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April 02, 2007

Workshops focus on development, water quality

Two regional low-impact development (LID) workshops aimed at educating coastal decision-makers, developers, elected officials, planners and the public on how to lessen urban developmentā€™s impact on North Carolina's fragile coast and its clean water supply are set for April and May.

The first is on April 11 at Pine Knoll Shores Aquarium; the second, on May 3, is at the Roanoke Island Aquarium in Manteo.

The sites are no coincidence, as one workshop goal is for North Carolina aquariums to help educate the public about low-impact development, says Dr. Bill Hunt, a workshop organizer.

Hunt is an assistant professor in North Carolina State University's College of Agriculture and Life Sciences' Biological and Agricultural Engineering Department and a North Carolina Cooperative Extension urban stormwater management specialist

"LID (low-impact development) is a land development approach that uses various planning and design practices and technologies to protect natural resources and minimize the cost associated with infrastructure," says Hunt. "LID does not inhibit growth but encourages a comprehensive, environmentally friendly planning and implementation process."

Hunt adds, "LID tries to mimic a site's predevelopment hydrology by using design techniques to infiltrate, filter, store, evaporate and detain stormwater runoff close to its source. LID can be applied to new development, urban retrofits, redevelopment and revitalization projects."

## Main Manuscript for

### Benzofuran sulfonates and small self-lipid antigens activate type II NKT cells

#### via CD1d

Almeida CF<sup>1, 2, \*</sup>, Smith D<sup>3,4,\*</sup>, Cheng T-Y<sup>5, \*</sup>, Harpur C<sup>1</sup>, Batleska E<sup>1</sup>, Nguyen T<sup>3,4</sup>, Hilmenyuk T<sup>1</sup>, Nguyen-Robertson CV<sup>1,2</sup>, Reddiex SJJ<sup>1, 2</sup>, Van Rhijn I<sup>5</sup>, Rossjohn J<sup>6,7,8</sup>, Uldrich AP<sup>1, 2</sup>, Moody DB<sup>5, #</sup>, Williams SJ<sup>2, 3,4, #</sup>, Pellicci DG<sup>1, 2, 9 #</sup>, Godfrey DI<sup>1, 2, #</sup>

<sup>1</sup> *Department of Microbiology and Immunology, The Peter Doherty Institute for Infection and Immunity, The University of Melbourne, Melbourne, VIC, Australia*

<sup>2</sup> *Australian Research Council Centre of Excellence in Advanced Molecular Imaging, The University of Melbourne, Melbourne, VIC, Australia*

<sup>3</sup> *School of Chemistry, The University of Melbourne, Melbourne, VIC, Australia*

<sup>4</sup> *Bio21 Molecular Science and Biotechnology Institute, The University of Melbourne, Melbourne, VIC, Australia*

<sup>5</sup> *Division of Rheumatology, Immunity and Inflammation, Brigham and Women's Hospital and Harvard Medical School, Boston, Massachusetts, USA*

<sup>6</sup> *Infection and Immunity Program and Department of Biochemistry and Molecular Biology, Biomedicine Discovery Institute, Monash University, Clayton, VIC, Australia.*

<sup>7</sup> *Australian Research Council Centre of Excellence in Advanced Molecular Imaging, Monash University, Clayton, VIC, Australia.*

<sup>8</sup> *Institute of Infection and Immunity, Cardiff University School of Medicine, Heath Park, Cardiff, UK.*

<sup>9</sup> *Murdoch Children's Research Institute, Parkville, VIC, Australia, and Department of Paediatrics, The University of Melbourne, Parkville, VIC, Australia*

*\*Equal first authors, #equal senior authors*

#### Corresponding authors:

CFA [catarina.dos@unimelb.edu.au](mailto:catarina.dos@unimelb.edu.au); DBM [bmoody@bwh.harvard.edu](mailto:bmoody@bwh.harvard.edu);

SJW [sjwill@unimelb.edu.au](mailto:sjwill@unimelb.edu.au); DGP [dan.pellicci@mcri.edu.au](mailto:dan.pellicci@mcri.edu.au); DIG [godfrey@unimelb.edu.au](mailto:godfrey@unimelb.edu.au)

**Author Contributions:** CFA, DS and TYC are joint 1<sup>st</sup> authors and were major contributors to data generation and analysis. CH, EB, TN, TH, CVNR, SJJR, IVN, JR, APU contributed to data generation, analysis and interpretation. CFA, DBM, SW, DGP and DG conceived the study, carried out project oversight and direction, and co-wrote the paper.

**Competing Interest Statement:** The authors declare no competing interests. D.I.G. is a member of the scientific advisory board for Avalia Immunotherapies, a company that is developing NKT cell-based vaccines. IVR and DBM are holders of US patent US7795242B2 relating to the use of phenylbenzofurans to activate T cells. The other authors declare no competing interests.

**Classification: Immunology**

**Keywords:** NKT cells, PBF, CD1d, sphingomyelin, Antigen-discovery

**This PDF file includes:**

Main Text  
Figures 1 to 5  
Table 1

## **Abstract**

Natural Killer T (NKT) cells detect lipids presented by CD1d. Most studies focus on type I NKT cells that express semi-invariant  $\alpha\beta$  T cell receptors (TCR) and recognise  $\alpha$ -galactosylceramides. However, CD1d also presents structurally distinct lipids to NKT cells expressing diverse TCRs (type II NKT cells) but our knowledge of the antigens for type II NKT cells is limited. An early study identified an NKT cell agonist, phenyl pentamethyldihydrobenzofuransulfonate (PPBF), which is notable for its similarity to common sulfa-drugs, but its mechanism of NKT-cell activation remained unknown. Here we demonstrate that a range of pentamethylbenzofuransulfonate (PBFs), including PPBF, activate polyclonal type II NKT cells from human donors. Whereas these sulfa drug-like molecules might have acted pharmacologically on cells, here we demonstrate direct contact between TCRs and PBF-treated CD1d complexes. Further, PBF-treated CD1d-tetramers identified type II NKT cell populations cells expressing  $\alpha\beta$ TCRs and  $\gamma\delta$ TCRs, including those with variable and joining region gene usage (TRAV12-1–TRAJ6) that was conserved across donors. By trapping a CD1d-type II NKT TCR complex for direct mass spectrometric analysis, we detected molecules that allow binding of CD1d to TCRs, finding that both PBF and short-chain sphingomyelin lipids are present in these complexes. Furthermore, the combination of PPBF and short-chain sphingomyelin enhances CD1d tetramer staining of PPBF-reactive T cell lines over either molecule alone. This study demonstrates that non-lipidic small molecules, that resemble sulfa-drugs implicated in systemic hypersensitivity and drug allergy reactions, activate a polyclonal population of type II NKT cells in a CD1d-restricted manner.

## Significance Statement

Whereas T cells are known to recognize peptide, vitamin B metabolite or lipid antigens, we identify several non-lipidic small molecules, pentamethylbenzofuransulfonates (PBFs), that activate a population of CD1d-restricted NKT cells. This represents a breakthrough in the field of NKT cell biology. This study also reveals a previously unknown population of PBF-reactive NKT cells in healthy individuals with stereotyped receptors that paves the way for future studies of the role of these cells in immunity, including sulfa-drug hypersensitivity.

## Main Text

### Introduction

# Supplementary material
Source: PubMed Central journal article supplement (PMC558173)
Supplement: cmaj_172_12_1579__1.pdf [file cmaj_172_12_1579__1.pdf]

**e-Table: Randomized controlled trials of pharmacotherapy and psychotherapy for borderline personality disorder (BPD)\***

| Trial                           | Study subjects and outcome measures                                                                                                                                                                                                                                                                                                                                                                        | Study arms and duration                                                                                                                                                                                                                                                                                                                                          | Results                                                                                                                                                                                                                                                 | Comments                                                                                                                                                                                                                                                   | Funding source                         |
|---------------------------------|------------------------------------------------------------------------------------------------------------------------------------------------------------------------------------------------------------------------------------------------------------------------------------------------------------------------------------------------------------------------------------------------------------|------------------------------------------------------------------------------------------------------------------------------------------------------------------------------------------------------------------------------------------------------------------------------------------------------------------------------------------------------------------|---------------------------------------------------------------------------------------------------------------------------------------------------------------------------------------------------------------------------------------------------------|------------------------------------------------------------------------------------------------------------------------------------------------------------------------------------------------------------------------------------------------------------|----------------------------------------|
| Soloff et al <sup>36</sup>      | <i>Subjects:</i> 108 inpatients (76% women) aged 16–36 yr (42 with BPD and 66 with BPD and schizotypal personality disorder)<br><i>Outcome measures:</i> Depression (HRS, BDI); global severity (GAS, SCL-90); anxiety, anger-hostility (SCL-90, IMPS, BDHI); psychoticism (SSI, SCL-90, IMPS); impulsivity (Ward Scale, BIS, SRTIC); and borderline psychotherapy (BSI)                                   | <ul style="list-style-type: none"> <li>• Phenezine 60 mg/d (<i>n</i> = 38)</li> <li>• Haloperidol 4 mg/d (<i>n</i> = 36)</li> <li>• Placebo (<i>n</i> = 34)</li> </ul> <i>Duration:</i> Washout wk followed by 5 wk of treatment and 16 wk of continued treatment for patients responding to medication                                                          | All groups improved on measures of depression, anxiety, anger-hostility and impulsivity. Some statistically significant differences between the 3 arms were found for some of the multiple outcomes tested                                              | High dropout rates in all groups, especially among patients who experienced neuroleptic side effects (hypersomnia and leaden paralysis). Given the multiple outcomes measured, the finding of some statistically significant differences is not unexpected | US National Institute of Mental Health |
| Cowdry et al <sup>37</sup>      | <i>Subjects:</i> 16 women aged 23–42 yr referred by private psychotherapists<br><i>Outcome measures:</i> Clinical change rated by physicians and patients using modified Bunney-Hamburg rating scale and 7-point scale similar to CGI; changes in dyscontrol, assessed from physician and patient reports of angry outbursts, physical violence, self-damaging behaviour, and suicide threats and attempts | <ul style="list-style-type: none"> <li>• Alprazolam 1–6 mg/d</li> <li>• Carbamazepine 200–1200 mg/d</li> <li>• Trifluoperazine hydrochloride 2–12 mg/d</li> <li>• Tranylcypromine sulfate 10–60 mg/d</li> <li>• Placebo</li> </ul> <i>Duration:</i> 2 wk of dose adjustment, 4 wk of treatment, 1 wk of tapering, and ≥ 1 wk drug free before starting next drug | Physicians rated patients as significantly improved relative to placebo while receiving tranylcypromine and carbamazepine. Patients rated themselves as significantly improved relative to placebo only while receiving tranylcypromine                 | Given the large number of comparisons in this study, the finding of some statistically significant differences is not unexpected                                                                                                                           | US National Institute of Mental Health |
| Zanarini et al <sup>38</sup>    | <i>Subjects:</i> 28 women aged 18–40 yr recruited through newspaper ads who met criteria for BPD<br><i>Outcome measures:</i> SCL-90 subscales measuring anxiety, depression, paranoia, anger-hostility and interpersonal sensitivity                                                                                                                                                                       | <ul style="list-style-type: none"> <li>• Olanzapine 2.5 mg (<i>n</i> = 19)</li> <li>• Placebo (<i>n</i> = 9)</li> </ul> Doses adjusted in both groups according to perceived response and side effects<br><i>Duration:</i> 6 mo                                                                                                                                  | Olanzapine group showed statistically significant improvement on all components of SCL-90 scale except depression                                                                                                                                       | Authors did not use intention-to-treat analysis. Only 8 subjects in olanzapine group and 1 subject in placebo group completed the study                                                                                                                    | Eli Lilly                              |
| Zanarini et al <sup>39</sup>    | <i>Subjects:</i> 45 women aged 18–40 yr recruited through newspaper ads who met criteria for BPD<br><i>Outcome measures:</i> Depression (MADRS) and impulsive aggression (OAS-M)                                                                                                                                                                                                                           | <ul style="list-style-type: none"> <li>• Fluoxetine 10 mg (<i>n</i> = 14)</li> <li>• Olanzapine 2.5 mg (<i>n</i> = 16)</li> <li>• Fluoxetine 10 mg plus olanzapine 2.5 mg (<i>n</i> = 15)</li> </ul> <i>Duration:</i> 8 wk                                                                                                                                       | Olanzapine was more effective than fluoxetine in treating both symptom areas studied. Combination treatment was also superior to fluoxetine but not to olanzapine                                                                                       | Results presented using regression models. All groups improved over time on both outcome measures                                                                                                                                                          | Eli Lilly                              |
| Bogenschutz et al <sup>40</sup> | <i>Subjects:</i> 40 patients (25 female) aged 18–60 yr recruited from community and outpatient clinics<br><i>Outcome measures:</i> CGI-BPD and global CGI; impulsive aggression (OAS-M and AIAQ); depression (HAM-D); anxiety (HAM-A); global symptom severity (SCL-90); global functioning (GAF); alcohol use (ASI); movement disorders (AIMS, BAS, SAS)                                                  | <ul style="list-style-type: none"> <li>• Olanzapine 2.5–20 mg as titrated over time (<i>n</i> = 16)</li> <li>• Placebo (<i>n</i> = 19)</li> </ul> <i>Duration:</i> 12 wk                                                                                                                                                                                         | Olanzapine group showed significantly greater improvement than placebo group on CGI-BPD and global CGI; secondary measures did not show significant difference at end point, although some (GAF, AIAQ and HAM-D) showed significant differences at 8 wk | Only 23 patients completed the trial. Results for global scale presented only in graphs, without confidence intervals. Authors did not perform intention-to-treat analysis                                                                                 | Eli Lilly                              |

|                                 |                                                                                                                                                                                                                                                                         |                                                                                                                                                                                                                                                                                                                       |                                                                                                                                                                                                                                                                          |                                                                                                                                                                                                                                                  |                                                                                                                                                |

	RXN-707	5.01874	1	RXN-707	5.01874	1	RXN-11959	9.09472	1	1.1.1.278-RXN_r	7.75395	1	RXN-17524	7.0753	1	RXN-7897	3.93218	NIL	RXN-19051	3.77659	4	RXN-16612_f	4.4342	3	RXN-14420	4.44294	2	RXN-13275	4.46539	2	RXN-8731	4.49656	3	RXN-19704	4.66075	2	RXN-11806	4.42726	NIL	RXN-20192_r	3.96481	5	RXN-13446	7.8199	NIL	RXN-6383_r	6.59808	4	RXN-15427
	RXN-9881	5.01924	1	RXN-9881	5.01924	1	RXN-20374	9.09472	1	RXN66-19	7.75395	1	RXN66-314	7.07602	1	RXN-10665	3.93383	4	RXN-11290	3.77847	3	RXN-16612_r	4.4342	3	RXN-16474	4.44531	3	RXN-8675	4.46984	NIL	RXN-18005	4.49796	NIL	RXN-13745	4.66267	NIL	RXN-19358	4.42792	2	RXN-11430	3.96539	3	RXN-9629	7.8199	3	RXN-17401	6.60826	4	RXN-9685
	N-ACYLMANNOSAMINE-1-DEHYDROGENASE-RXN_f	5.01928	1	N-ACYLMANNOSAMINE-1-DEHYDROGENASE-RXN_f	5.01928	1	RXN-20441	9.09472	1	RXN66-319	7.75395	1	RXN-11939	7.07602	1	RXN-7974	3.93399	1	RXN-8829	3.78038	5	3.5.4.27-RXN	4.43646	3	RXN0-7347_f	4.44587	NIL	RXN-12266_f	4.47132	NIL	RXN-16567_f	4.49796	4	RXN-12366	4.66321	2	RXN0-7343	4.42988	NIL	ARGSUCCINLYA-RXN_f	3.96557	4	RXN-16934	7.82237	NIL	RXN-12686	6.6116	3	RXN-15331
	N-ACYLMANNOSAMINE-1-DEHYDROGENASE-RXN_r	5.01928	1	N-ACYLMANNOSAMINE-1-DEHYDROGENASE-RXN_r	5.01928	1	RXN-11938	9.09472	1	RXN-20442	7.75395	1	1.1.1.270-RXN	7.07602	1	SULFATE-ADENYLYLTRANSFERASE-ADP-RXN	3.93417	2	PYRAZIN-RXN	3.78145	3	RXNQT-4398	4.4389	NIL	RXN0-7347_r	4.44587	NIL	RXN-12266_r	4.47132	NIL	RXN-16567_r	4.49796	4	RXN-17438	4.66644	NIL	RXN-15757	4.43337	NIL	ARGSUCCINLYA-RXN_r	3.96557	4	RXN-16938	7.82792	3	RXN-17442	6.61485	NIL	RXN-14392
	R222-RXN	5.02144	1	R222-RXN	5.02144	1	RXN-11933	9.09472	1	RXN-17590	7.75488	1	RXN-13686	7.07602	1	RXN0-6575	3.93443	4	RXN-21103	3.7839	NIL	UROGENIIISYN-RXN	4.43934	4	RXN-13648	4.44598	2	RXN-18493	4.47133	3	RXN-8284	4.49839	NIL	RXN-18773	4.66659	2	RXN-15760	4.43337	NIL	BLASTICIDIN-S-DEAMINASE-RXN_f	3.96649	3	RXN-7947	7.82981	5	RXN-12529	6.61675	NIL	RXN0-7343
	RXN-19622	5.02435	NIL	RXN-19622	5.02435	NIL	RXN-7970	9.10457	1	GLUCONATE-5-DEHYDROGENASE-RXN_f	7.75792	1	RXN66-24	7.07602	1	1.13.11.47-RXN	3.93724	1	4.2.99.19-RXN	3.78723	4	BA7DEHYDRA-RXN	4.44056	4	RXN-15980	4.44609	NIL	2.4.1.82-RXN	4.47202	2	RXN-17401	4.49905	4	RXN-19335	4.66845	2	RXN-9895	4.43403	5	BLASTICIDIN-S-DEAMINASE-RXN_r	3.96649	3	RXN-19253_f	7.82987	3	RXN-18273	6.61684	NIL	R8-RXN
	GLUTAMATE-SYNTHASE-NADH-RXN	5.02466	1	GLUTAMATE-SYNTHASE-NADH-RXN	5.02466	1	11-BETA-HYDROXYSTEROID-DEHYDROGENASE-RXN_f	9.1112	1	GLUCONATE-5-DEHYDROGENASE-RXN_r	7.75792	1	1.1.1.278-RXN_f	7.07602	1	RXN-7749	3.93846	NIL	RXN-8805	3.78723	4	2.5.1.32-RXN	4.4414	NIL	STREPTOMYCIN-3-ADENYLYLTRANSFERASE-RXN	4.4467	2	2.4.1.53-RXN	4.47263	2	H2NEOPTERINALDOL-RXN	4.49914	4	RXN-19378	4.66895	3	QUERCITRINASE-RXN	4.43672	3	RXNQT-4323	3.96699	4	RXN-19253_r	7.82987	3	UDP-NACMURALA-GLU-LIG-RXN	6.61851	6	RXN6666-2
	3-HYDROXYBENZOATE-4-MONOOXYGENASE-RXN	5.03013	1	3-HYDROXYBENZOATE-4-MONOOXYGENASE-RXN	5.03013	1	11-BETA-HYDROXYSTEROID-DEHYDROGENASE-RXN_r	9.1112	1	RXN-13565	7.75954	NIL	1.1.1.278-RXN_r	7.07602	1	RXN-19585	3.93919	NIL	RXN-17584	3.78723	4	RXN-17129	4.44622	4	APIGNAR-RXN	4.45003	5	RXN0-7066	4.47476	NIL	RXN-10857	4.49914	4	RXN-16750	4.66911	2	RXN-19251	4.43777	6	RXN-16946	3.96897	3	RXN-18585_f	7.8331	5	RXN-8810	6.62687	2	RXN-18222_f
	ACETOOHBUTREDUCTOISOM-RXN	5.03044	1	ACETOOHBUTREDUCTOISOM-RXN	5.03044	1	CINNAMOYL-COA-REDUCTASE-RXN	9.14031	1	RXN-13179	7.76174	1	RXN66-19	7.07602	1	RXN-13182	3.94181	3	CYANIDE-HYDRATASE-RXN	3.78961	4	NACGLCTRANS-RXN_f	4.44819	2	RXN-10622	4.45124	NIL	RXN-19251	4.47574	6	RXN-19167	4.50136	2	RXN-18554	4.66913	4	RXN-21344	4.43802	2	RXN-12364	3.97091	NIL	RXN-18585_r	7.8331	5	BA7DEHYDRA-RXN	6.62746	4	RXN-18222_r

The workshops will provide an overview of low-impact development design as well as implementation elements, practices and case studies and field tours to sites where low-impact development is being practiced.

Workshop instructors urge engineers, landscape architects, stormwater managers, land surveyors, regulators, students, homeowner association members, municipal officials and anyone else who designs, reviews or constructs low-impact developments to attend. Registration and other information is available online at http://www.bae.ncsu.edu/workshops/LID/. Information is also available from Andrea Olevano in the Department of Biological and Agricultural Engineering at North Carolina State University at 919.515.6780 or andrea_olevano@ncsu.edu.

The workshops are funded through a grant from N.C. Department of Environment and Natural Resources Water Quality Section.

- Art Latham, 919.513.3117 or art_latham@ncsu.edu -

Posted by Dave at April 2, 2007 11:48 AM